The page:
Maré: From Rio de Janeiro’s Favelas to the Edinburgh Fringe 

Ishani Khemka
Friday 4 August 2023

In Rio de Janeiro, there are more than 1000 favelas (informal neighbourhoods) that are home to an estimated 1.5 million people. The word “favela” is often translated to “slum” or “shantytown” in English, evoking images of squalor, pain, and destitution. These connotations are amplified through efforts by the media to ensure a routine sensationalisation of sadness amidst poverty. This type of media coverage, that uses gimmicks to generate sympathy, is frequently consumed uncritically in the global north. What gets lost within the interplay of commerce and shock value, are the voices and perspectives of the people the subject of such media attention. Despite the presence of poverty and crime, Rio de Janeiro’s favelas are simultaneously sites of resilience, hope, creativity, culture, and joy. The exhibit, Maré from the Inside, on display at the Minto House during the Fringe Festival, approaches the favela from the perspective of its residents and focuses on these more generative and positive aspects of these communities. 

Photograph by Dayana Sabany

About Maré

Located in the Northern Zone of Rio, Complexo da Maré is the largest agglomeration of favelas in Latin America, home to an estimated 140,000 individuals. A melting pot of numerous cultures, it houses descendants of slaves, migrants from the Northeast region of Brazil and immigrants from over 15 countries. What initially began in the 1940s as smattering of wooden shacks built by impoverished migrants on an enormous floodplain of Guanabara Bay, Maré has evolved into 16 sprawling neighbourhoods. Most houses are now built of brick and mortar, are multiple stories, and have access to running water and electricity. Many of Maré’s neighbourhoods also have schools, cultural centres, and shopping districts. While a majority of these facilities are still under-resourced, their very existence questions the fervour with which the media deems these places “uninhabitable”. This is not to say that life in Maré is easy. It has undergone an intense militarisation of policing over the last 30 years as the Brazilian government has attempted to combat the local drug gangs fighting each other for dominance. Police tanks can often be found roaming the streets, with helicopters overhead searching for suspected gang members. Such police operations have become a constant and unwelcome reality for the residents. The police also turn a blind eye towards militia groups, comprised mainly of retired and off-duty police officials, that enjoy high levels of impunity. Despite these circumstances, dozens of NGOs in Maré have emerged to demand rights for Maré’s citizens, provide resources and opportunities to its residents, and to facilitate access to social services.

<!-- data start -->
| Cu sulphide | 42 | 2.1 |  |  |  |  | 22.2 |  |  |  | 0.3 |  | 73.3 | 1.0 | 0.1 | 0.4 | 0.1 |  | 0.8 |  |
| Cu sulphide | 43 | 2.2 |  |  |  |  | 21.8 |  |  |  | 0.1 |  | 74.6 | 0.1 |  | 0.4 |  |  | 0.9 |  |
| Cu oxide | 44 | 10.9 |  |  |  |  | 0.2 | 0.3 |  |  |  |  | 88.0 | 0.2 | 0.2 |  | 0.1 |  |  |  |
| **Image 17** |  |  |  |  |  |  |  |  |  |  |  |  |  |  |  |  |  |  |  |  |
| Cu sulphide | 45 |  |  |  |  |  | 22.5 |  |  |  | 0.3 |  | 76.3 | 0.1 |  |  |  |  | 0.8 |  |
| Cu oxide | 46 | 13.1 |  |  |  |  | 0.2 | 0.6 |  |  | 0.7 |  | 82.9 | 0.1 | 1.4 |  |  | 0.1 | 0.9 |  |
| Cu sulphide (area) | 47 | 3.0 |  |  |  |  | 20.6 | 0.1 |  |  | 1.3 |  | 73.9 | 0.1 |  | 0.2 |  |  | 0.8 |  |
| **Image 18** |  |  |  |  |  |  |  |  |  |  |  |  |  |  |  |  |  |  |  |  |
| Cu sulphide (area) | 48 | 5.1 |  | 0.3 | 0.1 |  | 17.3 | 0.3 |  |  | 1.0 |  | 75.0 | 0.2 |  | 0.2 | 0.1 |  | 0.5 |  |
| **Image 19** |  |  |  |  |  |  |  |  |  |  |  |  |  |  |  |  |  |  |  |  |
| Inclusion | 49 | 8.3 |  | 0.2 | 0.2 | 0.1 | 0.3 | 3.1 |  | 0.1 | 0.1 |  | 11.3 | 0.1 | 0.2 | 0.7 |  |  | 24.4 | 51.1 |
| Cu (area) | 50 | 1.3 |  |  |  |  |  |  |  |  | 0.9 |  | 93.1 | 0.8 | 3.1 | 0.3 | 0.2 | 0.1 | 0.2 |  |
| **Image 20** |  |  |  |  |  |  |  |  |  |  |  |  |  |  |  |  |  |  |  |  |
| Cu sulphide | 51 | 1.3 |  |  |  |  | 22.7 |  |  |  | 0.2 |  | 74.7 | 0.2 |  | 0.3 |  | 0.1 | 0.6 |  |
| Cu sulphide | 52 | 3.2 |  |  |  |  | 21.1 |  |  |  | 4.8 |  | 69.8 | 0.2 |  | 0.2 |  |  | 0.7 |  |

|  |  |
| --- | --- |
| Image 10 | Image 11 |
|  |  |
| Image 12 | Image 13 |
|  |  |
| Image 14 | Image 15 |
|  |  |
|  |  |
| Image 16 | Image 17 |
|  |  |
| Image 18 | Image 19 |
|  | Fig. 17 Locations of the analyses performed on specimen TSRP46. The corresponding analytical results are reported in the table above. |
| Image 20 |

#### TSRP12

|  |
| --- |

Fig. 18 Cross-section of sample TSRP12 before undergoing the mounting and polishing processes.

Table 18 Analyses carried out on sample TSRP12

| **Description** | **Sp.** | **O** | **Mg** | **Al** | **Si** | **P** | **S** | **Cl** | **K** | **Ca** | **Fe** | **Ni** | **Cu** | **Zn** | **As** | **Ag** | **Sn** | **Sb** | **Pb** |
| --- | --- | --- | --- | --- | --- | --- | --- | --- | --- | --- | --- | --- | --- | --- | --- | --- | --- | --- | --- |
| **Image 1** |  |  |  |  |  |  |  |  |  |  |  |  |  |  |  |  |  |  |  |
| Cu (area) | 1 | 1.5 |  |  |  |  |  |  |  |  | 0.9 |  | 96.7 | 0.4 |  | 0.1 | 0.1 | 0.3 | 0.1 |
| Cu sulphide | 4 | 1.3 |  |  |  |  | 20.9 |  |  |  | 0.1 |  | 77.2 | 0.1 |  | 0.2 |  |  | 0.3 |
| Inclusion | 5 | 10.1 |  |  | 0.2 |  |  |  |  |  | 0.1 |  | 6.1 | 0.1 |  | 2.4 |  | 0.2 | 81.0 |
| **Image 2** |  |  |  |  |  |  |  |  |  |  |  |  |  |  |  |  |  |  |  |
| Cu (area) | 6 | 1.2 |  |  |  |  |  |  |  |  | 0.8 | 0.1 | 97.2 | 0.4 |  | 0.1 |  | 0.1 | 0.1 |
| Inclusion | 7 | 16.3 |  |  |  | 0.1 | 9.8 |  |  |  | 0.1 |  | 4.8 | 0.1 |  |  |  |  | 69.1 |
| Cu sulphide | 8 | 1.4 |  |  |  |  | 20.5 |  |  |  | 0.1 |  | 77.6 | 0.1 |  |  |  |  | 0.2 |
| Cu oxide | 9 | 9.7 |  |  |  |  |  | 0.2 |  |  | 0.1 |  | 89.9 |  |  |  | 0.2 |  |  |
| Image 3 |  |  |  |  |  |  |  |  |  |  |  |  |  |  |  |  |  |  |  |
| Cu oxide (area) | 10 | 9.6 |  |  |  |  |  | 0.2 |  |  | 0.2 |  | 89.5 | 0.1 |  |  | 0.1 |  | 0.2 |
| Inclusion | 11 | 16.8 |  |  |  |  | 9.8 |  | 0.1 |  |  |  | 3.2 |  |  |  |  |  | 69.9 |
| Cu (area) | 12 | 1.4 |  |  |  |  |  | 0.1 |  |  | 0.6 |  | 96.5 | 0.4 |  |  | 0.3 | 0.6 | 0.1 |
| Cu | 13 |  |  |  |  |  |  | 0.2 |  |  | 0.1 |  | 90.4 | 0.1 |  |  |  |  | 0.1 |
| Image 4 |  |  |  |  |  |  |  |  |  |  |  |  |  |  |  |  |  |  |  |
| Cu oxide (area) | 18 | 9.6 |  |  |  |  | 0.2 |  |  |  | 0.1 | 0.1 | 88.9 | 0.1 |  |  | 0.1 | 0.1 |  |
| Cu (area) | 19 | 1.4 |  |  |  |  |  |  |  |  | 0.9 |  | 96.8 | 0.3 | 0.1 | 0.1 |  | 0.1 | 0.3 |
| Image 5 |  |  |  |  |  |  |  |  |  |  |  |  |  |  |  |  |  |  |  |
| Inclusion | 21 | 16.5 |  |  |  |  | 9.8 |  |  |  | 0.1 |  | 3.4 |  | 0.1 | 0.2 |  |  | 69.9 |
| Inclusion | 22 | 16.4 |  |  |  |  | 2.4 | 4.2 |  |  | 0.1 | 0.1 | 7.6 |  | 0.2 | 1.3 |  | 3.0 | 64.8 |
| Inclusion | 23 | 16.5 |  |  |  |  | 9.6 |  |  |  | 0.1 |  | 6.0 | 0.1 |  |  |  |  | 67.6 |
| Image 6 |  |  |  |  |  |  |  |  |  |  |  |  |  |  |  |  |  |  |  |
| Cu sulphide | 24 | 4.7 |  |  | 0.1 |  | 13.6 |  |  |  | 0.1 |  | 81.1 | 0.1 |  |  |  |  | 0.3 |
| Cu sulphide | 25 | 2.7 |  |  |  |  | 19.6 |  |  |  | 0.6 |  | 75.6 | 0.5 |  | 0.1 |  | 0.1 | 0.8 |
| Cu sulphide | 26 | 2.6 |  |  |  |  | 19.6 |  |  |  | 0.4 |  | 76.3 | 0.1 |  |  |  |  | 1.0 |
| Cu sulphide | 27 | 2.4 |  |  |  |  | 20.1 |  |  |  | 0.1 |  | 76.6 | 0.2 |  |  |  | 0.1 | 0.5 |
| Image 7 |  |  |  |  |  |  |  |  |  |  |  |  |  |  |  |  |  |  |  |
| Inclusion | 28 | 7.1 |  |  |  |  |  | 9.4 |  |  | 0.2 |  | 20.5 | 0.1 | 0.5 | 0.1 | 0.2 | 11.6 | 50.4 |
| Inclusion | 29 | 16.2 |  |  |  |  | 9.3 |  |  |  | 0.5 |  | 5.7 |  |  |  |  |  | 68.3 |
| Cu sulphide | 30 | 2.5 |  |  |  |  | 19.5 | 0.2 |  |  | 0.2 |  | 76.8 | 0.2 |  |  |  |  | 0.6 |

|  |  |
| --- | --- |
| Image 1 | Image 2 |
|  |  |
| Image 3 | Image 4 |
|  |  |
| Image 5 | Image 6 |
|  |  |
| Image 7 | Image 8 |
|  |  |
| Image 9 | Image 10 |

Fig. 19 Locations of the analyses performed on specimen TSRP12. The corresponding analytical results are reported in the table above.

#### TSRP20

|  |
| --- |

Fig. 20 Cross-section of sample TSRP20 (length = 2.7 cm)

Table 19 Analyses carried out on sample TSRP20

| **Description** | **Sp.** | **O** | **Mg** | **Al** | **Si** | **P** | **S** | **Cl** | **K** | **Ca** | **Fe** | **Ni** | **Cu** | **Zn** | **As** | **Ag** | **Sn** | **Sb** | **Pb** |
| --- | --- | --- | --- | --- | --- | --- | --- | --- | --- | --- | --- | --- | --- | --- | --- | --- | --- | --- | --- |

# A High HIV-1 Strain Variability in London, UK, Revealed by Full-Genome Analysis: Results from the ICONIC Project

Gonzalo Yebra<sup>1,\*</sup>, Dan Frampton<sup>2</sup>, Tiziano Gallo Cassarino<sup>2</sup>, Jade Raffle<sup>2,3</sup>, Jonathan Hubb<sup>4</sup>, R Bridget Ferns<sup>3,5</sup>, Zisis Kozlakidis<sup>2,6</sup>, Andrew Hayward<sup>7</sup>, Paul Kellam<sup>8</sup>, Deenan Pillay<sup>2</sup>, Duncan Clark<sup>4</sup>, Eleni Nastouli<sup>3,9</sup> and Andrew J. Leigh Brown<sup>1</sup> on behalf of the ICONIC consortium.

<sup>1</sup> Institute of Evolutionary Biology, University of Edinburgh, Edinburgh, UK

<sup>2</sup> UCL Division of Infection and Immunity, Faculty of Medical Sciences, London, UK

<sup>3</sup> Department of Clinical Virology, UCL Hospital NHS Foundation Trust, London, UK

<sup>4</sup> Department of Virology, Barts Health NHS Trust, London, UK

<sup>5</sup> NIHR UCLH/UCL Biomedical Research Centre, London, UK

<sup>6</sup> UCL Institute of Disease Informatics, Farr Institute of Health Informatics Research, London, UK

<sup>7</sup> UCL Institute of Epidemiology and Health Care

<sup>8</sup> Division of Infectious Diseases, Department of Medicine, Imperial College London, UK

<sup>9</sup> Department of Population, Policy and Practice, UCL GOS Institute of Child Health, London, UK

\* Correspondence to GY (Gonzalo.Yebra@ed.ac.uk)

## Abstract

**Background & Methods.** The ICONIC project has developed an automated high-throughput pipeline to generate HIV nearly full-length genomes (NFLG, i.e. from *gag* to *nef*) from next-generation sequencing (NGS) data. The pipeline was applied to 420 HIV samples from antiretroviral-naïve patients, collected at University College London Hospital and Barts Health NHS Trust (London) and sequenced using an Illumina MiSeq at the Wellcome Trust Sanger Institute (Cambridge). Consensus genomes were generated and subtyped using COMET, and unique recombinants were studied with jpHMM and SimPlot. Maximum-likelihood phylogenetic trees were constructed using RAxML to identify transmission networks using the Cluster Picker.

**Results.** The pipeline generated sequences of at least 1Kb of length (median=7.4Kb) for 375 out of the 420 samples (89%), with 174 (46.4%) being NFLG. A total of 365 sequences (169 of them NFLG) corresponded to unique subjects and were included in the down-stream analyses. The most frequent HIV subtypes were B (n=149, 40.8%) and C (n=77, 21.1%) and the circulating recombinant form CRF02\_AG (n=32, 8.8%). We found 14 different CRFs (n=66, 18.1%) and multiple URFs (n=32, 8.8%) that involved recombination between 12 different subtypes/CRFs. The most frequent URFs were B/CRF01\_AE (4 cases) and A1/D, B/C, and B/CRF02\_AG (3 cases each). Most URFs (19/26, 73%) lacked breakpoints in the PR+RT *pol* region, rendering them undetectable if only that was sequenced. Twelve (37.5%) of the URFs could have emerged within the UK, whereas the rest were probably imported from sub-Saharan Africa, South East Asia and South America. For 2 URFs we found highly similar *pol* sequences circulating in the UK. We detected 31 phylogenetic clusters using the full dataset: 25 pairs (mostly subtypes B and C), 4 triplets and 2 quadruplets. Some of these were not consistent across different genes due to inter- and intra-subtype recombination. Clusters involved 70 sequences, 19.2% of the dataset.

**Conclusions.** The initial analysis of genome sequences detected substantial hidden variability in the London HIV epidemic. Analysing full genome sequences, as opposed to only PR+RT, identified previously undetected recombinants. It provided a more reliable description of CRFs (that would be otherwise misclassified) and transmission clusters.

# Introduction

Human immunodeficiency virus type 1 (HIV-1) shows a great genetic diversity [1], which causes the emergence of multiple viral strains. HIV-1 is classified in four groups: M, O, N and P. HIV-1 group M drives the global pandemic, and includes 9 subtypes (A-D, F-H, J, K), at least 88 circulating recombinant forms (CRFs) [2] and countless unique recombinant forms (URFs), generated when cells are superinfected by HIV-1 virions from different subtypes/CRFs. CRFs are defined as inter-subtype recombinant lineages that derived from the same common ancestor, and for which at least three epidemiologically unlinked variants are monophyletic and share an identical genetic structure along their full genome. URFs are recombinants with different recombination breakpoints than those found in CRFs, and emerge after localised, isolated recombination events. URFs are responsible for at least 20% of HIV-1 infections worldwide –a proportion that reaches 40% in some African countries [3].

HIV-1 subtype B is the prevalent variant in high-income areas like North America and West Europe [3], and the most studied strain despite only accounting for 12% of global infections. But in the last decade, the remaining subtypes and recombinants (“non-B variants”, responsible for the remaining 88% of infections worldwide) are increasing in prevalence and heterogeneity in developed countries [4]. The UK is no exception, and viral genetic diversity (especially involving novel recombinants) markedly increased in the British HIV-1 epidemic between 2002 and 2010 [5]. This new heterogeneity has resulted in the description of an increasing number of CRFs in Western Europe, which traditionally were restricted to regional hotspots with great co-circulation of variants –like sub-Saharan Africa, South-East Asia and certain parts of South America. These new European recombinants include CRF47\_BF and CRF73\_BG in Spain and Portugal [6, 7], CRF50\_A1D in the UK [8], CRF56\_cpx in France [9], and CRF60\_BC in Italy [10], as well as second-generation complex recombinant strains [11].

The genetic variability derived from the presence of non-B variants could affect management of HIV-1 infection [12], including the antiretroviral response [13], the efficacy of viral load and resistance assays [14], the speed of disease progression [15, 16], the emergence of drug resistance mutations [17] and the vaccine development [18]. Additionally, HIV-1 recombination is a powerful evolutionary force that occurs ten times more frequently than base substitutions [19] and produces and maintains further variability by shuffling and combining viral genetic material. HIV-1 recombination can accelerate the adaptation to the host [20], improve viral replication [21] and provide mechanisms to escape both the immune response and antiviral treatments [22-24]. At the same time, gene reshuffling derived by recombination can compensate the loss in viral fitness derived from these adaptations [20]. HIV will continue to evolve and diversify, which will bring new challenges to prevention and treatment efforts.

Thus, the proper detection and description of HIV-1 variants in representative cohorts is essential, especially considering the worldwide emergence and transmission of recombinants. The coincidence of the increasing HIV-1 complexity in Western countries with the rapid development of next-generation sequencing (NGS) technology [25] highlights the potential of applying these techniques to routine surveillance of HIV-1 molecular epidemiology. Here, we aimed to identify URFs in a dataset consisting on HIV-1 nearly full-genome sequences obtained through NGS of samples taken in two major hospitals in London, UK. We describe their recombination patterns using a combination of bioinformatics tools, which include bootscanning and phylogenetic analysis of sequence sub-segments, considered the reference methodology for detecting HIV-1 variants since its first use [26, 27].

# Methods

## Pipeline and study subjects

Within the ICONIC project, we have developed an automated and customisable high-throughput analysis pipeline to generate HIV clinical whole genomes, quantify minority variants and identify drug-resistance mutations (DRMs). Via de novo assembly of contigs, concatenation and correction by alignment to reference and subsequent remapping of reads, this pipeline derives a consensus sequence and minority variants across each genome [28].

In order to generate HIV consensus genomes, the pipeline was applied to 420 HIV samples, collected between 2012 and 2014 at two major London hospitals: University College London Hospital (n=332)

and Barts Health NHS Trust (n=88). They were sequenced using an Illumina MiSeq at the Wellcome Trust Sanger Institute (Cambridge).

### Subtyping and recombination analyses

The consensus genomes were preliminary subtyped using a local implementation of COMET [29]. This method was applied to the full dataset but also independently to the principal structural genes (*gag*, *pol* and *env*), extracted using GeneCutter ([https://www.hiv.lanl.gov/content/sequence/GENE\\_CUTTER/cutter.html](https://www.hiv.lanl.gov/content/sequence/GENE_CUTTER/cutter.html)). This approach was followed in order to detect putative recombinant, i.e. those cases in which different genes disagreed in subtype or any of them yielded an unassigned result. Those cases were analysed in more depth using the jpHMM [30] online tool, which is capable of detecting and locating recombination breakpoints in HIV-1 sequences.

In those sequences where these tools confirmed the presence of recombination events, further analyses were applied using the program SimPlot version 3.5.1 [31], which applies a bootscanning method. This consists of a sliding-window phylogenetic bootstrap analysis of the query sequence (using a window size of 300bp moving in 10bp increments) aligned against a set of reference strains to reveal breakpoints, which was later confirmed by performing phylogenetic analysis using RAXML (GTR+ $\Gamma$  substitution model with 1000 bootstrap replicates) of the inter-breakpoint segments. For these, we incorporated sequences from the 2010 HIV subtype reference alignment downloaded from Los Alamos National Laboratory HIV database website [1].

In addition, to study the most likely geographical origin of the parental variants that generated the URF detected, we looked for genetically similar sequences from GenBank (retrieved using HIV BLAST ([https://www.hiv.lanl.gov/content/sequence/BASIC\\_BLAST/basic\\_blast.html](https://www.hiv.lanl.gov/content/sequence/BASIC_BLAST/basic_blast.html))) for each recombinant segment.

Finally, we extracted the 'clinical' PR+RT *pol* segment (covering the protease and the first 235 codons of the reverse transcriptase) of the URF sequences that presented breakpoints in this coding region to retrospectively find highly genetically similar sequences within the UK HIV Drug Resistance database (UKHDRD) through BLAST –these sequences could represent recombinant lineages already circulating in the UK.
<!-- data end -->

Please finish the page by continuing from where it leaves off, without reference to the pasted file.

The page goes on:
Maré From The Inside: The Exhibit

The experiences of life in Maré have been the research focus of Dr Nicholas Barnes, a Lecturer in the School of International Relations, for over the last ten years.  Alongside several academics, activists and artists from Maré and beyond, they have documented and curated a multimedia exhibit which showcases the artistic and knowledge production of the Maré community to new audiences.

“In order to understand the exhibit and this collaborative project, you would need to understand that I was living and doing research in Complexo da Maré for eighteen months between 2013 and 2015. It was a difficult time to be living in Maré, especially for the residents, because it was the lead up to the World Cup (2014) and the Olympics (2016), and there was a lot of attention on favelas and a large-scale process of militarisation. Despite the fact that it was a tumultuous time to be there, I learned an incredible amount from the communities who were so welcoming, even though it wasn’t really normal for people from the global north to be living there. I created long-term relationships with activists, cultural producers, NGOs, and local artists that co-organized this exhibit, which hopes to tell the stories of the people in Maré on their own terms.”